Grading instruments can help policy decision makers evaluate research on a given topic. There are many grading instruments available to “…provide a metric to ‘quantify’ the quality of evidence from either an individual study or from a body of evidence”. Their strengths are that they are systematic, time effective, accessible, objective and allow clear communication. However, grading instruments can fail to adequately represent the quality of research, with problems including:
- “Lack of validation and poor reliability
- Highly subjective – low interrater reliability
- Create false sense of trust or over-reliance on grading outcomes
- Overly complicated, unclear instructions and little or no training – mistakes made
- Biased in favour of certain types of studies (eg., randomised control trials) and against others (eg., observational).
- Grading of evidence may not be applicable to local settings.”
An example from the group’s own research on smoking as a risk factor for Alzheimer’s Disease demonstrates the problems. Observational research findings were rated poorly even though randomised controlled trials would have been unethical.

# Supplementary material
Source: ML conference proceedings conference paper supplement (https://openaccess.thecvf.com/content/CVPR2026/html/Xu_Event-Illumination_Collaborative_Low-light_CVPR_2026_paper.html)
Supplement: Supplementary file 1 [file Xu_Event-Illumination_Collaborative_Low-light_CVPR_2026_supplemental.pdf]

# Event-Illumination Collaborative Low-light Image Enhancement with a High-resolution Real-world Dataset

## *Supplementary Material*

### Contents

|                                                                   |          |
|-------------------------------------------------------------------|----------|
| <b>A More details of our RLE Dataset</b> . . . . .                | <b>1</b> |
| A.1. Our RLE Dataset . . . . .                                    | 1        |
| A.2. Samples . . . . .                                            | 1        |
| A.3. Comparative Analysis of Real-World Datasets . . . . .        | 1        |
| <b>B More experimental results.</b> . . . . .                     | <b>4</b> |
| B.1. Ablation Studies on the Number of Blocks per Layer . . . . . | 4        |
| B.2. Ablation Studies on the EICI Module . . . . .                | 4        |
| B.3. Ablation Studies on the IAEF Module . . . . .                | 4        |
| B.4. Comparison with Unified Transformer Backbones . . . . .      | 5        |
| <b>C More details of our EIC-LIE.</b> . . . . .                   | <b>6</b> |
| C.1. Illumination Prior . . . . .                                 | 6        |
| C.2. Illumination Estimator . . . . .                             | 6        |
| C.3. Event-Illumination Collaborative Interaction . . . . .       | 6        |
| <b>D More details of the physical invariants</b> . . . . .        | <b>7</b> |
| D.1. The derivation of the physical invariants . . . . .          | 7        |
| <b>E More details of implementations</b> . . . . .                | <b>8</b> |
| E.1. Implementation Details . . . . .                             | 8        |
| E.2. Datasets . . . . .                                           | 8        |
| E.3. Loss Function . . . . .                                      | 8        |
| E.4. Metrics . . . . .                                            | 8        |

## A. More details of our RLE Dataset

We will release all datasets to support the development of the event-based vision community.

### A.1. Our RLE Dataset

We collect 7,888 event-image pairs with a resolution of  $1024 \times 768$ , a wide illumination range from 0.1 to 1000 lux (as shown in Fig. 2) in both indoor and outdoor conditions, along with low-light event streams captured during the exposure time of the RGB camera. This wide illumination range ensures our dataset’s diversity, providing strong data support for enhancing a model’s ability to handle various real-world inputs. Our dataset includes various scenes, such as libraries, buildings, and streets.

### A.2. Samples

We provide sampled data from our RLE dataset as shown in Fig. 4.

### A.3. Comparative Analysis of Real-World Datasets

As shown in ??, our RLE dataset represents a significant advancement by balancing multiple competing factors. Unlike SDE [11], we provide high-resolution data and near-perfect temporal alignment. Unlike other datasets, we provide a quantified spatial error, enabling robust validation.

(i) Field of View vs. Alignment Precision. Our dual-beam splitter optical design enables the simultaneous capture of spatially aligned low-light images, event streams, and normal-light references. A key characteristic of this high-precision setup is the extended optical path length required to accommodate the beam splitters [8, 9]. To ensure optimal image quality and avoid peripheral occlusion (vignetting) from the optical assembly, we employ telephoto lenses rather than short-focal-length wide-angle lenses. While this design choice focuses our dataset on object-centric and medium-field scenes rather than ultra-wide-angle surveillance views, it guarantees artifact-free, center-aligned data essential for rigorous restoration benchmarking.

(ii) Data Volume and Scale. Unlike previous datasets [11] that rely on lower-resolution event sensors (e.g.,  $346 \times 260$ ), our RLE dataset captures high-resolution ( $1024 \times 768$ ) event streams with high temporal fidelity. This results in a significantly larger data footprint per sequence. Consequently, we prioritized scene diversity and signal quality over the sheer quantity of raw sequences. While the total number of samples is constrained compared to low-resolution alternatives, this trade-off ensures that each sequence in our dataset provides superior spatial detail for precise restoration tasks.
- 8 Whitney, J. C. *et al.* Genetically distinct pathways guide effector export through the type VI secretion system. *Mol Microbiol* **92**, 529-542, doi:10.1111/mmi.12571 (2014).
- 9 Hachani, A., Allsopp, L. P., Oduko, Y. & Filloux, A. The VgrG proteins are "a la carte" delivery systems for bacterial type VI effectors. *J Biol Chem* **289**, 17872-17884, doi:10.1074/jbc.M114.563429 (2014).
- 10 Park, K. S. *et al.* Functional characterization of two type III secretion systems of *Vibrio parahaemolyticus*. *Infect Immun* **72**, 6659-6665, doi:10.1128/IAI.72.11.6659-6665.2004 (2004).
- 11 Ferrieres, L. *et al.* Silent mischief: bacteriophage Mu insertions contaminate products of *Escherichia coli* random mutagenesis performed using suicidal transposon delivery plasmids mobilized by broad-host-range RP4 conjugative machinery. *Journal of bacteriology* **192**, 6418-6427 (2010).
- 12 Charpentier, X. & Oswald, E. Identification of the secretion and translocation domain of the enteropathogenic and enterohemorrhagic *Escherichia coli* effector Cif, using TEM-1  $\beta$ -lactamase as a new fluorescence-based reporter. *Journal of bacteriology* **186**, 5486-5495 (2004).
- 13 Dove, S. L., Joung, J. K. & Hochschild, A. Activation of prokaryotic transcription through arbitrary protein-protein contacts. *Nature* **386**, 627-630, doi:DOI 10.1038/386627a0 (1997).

Greater awareness of short-comings is needed, along with critical evaluation of scores. There should also be better matching of grading instruments with particular types of evidence, along with the development of improved methods.
Reference: Irving, M., Cherbuin, N., Eramudugolla, R., Butterworth, P., O’Donoghue Jenkins, L. and Anstey, K. (2013)., from the First Global Conference on Research Integration and Implementation held in Canberra, Australia, online and at three co-conferences (Lueneburg in Germany, The Hague in the Netherlands and Montevideo in Uruguay), 8-11 September 2013.
You can access this digital poster as a powerpoint presentation or pdf at: http://i2sconference.digitalposter.com.au/posters-list/736.
Posted: December 2013
Last modified: January 2015